When Maksym Orlovskyi bought an apartment in central Kiev in 2006, he installed a new boiler, replaced the windows and insulated the walls of the 1960s brick building.

Those investments will pay off in a big way starting Wednesday when the Ukraine government is set to triple the price of natural gas for heating, a condition for unlocking $17.5 billion in loans gained from the International Monetary Fund to keep the government from defaulting on its debts.

The IMF condition is expected to bring domestic gas prices on par with more expensive imports within two years, helping alleviate the burden of subsidizing a major industry. While more affluent residents like Orlovskyi can afford to take matters into their own hands to keep costs down, others less fortunate face a much different reality.


“We use 50 percent less gas now,” said Orlovskyi, 43, a video editor who lives with his wife and 9-year-old daughter. “We turn on heat later in the season and use less energy.”

Making buildings more energy-efficient would save Ukraine the equivalent of 12 billion cubic meters of gas a year, according to Serhiy Maslychenko, an energy-projects manager at the European Bank for Reconstruction and Development. That’s half of what it was importing from Russia, a major supplier to the Ukraine before the relationship turned hostile last year.

Since most Ukrainians can’t afford to insulate their apartments, much of that heat literally goes out the window.

Aging Buildings

An overhaul of Ukraine’s aging residential concrete buildings would require about 30 billion euros ($32.6 billion), the European bank says. That’s something Ukraine -- perpetually one step away from default -- can’t afford.

Policy makers have imposed capital controls as they struggle to stabilize the free-falling hryvnia, which has lost more than 30 percent of its value this year. Ukraine’s economic crisis, compounded by the war against Russia-backed insurgents in the east, leaves no funds available for energy savings.

Gas prices for heating are jumping to 3,600 hryvnia ($152.54) per 1000 cubic meters, from 1,089 hryvnia. Ukraine paid Russia $330 (7,780 hryvnia) per 1,000 cubic meters of gas in the first quarter. Another rate increase is expected to be put into effect late this year or in early 2016.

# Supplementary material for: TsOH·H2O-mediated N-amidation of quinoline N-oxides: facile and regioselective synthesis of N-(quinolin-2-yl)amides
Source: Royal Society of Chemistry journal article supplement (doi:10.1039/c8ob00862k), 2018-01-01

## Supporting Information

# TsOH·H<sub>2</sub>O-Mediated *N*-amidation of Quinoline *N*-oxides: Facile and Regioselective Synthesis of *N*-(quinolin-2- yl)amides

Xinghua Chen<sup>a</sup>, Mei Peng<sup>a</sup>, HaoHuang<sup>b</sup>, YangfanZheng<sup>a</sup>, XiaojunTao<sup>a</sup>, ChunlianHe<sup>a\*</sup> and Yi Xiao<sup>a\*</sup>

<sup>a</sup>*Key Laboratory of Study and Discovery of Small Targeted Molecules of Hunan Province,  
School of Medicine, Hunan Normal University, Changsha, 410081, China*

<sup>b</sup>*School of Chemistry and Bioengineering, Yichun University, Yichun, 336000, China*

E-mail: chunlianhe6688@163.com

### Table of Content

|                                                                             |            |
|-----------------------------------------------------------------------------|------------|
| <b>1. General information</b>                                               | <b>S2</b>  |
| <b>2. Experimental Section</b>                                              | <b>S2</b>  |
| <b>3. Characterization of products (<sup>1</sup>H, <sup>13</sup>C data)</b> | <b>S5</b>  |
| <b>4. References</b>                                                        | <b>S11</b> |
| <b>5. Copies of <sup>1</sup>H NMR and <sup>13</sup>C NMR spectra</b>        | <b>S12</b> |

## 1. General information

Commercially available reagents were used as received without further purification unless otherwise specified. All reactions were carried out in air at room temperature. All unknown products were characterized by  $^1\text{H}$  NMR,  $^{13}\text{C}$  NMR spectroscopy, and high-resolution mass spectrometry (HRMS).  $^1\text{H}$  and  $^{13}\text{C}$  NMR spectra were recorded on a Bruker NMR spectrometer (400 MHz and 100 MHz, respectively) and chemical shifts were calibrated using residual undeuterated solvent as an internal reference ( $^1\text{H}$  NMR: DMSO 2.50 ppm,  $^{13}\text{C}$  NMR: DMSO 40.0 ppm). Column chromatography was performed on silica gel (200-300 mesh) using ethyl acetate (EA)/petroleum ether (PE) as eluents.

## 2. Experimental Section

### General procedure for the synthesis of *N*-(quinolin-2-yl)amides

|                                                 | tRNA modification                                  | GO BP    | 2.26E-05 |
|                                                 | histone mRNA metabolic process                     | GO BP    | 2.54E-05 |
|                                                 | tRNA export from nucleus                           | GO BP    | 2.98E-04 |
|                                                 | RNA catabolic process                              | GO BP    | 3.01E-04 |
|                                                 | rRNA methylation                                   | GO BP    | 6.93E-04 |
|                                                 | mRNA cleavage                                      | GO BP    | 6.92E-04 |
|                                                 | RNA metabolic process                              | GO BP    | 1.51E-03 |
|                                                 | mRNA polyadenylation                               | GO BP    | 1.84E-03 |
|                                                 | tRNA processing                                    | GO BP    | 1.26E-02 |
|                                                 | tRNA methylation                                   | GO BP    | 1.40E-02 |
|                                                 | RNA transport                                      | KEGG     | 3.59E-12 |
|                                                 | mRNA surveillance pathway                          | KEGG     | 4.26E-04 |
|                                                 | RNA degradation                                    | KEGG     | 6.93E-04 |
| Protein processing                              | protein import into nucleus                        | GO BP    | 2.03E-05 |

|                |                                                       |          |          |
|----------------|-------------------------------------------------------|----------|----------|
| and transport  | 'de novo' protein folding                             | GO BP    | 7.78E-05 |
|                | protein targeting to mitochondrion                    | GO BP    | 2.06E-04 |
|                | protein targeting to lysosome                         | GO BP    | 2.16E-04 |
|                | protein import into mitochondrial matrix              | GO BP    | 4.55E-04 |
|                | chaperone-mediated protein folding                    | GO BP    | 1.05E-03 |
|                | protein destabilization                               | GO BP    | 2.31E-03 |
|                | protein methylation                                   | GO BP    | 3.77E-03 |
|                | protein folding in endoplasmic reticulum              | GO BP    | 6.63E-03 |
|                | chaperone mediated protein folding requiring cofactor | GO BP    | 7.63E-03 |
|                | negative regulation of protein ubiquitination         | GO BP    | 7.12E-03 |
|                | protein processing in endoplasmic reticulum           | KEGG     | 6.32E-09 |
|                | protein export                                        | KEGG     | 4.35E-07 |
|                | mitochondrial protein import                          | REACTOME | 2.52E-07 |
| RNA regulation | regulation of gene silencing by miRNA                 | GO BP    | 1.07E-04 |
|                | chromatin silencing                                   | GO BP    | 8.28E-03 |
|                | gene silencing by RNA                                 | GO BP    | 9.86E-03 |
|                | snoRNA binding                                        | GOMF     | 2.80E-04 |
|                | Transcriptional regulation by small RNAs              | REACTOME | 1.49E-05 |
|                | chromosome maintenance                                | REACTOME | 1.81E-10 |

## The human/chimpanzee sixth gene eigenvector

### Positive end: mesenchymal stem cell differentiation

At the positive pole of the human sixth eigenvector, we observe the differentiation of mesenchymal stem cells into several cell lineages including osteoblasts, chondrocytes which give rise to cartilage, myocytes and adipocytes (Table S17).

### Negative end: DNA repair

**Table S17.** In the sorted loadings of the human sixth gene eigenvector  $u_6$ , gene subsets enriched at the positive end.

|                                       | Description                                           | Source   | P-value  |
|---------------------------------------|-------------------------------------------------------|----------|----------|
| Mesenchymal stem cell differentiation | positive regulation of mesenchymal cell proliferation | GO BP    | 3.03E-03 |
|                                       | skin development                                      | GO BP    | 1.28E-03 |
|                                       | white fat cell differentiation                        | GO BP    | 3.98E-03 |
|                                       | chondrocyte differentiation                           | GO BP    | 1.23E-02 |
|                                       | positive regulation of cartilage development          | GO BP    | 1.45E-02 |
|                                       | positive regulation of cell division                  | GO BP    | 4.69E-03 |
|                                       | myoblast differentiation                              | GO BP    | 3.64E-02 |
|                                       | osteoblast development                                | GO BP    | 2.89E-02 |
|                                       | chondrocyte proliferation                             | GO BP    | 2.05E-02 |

Ukraine’s neglected residential buildings lose so much heat that people would freeze in the winter if they consumed any less, said Oleksandr Kovalchuk, a 68-year-old pensioner who lives in central Kiev. The hot water supplied to his 10-story building from the roof is lukewarm by the time it reaches his second-floor apartment, he said. He keeps warm using electric heaters, adding to his energy bills.

Naked Pipes

“I saw the pipes that carry heat from the thermal-power station to our residential area,” he said. “They are naked; the insulation is all torn away. All they are heating is the ground near the station.”

Household gas use fell about 10 percent last year to 15 billion cubic meters after Russian gas-export monopoly OAO Gazprom cut off deliveries for more than six months. Utilities reduced consumption by 16 percent to 7 billion cubic meters.

With the two countries locked in a price dispute, Ukraine will have to rely on storage tanks that are only a quarter full, as well as supplies from Hungary and Slovakia whose capacity is insufficient to cover Ukraine’s consumption. Meanwhile, precious gas will continue to be wasted.

“This kind of problem is impossible to solve quickly,” said Oleksandr Parashchiy, head of research at Concorde Capital, a Kiev-based investment company. “The problem is not just walls and windows that let out heat, it’s also delivering heat through inefficient centralized heating.”

Two-Thirds Subsidized

The state may have to keep subsidizing gas and heating for as much as two-thirds of the population, according to Energy Minister Volodymyr Demchyshyn. Ukraine’s 2015 state budget has earmarked 24 billion hryvnia for subsidies to help people pay their energy bills.

In the meantime, the burden of making buildings more energy-efficient remains on consumers’ shoulders because the government has failed to come up with a comprehensive program to replace old pipelines, insulate buildings and install heating meters, said Yuriy Korolchuk, a member of the advisory board at the Institute of Energy Strategy in Kiev.

“Those who wanted to insulate walls have already done it,” he said. “Those who did not fix their homes did not have the money, and chances are they won’t have it now. The state must take this job upon itself.”